Many companies spend a lot of time comparing themselves to other companies. And for good reason. Why reinvent the wheel when you know somebody out there who designed a Ferrari, and you can borrow the plans?
While we don’t have anything against benchmarking for best practices, some people seem to think that this process is the Magic Pill, the answer to all the mysteries in the universe. If only you could meet with a company, learn how they do things successfully – then implement what they do. That’s the ticket.
There are a lot of good things to be learned by investigating how others do things. You can learn what vendors they use for their outage management system. Or how they compensate employees during extended storm assignments and second roles. Or how they manage their storm assignment process. You might even learn that you are better off than you realized and that others may want to benchmark you.
If nothing else, you will definitely benefit from the relationships that you will build during this process.
But here’s the thing: storm restoration – like Search Engine Optimization or getting fitted for a new set of golf clubs – is part art, part science. You can’t learn how to be an Incident Commander (or Storm Boss) by benchmarking alone. You might learn what makes someone a good leader, but it’s hard to turn that into a formula that you can then apply at your organization.
Contestant: “Alex, I’ll take ‘Famous Misadventures in Benchmarking’ for a Thousand.”
Trebek: “The answer is: Walruses and the Gulf of Mexico”
Contestant: “What animals were listed as endangered wildlife because an Arctic drilling plan was benchmarked by BP?”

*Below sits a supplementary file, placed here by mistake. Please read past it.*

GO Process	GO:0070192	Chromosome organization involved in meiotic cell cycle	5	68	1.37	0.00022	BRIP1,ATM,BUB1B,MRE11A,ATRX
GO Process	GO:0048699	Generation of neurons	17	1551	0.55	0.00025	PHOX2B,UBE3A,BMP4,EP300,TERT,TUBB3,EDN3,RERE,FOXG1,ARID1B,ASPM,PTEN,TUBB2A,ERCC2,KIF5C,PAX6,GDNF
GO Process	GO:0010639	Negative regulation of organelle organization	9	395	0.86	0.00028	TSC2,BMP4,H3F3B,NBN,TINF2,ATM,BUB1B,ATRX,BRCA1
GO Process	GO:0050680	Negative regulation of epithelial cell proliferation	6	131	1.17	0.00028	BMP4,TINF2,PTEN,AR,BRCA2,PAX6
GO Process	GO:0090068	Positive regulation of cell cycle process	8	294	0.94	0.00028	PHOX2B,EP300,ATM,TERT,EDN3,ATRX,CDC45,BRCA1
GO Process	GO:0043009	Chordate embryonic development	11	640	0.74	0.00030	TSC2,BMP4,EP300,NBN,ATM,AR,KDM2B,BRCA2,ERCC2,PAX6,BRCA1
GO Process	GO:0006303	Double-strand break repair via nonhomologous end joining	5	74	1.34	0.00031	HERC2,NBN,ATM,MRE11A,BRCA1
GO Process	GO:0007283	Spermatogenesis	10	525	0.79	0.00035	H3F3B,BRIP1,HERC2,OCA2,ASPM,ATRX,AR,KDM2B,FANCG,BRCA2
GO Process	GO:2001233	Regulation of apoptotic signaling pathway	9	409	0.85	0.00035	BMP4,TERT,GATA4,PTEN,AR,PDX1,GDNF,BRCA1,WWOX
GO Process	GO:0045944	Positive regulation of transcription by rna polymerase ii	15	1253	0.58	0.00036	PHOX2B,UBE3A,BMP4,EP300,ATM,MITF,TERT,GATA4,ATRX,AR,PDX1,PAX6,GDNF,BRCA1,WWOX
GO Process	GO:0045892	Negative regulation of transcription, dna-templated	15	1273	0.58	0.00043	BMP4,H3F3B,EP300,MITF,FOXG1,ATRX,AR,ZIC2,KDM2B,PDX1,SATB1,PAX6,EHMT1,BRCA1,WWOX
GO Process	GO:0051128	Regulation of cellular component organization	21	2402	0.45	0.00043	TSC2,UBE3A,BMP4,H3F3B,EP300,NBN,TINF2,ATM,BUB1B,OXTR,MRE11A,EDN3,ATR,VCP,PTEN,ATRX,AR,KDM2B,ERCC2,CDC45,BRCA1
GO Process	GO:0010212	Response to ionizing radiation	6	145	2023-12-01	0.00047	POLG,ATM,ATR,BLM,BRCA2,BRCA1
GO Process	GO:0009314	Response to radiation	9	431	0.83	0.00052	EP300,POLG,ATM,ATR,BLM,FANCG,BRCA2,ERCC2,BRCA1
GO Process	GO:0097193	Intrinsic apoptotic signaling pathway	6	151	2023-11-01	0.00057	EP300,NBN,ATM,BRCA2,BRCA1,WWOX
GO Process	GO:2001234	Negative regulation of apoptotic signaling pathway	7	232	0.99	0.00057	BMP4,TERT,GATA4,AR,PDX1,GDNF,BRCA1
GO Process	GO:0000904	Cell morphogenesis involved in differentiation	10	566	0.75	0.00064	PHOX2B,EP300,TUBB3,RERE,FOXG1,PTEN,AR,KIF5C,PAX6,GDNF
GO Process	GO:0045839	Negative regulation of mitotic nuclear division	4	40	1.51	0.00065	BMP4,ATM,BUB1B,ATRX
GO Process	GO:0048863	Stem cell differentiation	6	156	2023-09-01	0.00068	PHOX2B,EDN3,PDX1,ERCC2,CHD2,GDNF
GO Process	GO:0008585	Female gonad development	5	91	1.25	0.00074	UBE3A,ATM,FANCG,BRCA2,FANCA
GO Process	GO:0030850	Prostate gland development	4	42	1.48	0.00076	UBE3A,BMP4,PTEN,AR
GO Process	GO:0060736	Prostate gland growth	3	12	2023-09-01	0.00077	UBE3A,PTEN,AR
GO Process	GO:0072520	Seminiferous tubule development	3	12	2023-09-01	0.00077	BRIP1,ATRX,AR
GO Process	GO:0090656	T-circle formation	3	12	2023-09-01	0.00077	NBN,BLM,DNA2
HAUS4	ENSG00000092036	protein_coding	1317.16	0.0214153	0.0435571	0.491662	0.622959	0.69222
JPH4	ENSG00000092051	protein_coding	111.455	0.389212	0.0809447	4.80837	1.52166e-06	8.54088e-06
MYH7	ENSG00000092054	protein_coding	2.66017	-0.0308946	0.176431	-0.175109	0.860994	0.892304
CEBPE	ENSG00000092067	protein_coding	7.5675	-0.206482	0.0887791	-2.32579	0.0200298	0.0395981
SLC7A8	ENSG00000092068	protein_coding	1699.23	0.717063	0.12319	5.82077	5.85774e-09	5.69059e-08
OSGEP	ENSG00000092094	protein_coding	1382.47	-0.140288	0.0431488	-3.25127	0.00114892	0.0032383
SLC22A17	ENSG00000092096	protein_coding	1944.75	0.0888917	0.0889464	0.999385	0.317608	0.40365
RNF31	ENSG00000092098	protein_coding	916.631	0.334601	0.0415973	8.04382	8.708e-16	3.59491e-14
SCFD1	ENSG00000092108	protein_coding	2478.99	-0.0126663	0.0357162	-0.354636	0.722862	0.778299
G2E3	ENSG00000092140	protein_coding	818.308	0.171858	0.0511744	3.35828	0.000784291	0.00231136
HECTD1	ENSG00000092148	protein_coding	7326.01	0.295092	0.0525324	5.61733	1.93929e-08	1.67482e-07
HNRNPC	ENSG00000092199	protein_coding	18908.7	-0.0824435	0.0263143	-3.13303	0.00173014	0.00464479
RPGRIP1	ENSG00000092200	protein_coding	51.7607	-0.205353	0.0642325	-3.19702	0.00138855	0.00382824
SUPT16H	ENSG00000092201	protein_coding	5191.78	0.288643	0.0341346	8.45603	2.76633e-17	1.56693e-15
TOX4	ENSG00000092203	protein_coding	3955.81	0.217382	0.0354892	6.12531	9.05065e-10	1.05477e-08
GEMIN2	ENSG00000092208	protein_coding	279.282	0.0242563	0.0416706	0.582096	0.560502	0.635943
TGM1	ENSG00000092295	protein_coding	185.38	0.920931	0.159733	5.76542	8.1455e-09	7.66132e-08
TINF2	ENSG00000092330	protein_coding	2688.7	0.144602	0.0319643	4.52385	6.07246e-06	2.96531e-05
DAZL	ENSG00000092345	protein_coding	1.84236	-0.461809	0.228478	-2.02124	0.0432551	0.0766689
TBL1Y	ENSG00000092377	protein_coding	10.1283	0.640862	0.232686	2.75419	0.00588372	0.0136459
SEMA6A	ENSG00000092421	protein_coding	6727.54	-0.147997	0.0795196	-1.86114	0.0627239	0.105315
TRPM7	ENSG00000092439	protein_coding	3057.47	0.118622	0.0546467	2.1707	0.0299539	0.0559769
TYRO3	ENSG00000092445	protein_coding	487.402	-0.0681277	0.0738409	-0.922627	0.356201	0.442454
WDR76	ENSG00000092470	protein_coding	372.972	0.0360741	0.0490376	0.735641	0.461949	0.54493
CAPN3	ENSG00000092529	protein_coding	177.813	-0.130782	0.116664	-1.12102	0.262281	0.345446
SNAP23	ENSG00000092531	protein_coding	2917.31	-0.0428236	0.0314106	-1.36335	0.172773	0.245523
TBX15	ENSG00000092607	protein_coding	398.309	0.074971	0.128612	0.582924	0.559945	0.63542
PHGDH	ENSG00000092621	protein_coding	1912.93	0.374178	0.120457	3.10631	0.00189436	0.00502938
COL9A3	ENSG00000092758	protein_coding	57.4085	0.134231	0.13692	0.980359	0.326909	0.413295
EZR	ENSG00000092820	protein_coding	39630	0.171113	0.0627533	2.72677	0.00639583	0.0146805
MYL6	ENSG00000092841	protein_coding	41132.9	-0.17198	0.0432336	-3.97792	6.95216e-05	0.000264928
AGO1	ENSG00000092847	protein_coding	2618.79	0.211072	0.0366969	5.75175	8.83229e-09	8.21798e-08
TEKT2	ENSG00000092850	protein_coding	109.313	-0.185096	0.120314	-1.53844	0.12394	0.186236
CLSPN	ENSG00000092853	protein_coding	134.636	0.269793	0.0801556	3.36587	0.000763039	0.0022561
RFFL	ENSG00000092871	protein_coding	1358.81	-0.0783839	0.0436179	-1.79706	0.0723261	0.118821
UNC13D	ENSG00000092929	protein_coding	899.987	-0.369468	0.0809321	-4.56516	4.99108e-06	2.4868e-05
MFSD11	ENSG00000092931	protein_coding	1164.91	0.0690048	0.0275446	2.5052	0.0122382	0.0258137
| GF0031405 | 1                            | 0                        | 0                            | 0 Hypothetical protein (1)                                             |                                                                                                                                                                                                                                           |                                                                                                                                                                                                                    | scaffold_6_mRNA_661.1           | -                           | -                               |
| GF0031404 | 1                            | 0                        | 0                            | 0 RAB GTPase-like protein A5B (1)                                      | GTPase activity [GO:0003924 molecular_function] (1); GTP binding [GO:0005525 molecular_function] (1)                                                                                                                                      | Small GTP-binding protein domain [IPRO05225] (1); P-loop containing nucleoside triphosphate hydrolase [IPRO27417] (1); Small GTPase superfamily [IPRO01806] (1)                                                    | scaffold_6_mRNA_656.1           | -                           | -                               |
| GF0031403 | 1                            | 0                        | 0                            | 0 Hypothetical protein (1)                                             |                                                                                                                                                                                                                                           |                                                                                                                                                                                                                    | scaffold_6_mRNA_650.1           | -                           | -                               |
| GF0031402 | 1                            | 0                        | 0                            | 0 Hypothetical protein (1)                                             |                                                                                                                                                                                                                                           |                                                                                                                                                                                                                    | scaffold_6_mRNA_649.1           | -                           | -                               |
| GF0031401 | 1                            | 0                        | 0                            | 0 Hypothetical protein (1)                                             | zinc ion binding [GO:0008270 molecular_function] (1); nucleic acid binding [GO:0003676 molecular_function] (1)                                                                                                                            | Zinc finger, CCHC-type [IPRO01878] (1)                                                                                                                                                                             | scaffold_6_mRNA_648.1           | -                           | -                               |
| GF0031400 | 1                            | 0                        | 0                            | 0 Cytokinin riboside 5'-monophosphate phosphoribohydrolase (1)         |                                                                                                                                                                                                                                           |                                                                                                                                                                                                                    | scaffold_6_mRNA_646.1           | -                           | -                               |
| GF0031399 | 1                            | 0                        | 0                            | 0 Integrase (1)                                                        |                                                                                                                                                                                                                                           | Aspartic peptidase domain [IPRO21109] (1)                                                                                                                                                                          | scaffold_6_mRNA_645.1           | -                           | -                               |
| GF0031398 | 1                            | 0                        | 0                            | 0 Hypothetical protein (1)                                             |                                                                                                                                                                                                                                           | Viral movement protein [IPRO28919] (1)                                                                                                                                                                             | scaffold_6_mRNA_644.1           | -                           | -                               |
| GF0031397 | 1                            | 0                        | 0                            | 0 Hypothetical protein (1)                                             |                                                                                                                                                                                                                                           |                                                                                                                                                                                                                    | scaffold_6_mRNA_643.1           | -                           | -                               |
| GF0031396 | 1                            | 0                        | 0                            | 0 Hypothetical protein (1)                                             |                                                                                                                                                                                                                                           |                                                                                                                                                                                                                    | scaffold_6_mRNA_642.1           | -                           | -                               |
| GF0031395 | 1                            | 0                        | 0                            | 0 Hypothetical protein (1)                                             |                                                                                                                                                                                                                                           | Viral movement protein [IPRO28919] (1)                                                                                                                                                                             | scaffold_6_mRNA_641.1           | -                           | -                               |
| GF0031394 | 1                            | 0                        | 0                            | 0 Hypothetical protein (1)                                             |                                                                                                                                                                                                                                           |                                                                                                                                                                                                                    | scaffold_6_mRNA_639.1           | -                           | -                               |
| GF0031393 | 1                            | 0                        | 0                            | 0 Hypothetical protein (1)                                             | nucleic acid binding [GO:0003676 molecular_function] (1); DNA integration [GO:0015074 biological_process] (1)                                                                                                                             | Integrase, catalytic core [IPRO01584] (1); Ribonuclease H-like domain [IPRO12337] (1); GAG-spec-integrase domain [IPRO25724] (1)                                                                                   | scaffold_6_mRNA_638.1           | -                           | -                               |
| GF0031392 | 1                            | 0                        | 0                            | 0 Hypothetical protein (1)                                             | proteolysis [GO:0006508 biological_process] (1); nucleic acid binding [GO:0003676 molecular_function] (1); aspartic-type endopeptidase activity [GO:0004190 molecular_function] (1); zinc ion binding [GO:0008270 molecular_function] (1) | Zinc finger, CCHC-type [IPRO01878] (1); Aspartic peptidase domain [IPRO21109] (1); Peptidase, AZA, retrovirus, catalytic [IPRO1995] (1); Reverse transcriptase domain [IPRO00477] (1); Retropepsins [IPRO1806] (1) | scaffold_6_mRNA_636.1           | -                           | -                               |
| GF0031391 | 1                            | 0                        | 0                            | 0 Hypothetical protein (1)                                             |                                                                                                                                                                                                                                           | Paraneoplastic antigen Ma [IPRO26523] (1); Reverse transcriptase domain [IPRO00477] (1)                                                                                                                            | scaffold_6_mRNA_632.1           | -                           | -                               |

So why is it that benchmarking fails to achieve the desired results (AKA the Magic Pill)? There are several key reasons:
- Your corporate culture is not the same as the companies you are comparing yourselves to. No two corporate cultures are the same. Your company may be process oriented, while another is very hierarchical. Maybe your organization uses a matrix approach. What is the management style like? Does your organization prize innovation and risk-taking? Or do you have to gain approval for even the smallest thing?
- What technologies do you have in place? Yes it’s true that many companies use an outage management system for monitoring outage information, but even those companies that use the same package do things in a unique manner?
- While utilities are all tasked with doing roughly the same thing – providing a vital service 24/7/365 – each is unique. California’s weather, topography, news media and customer mix does not compare well with Iowa’s. Finding suitably comparative processes for restoring major cities could pose a challenge that could cross international borders, and a lot could be lost in translation. Parlez-vous Chinois?
At the end of the day, even after learning so much about how other companies do the things that you’d like to learn about, you still have to make it work in your organization. So the best use of benchmarks is to provide a foundation on which you can build your own plans.
You’ll still need to examine your current processes, identify those areas that need to improve, develop a detailed work plan, identify who needs to be involved from your organization, assign tasks, track progress, and on, and on. It’s hard work and there is no Magic Pill, but it can be made a little easier and perhaps a bit less uncertain by checking out best practices first.
So, as you benchmark, just remember what a really smart guy once said:
By three methods we may learn wisdom: First, by reflection, which is noblest; Second, by imitation, which is easiest; and third by experience, which is the bitterest.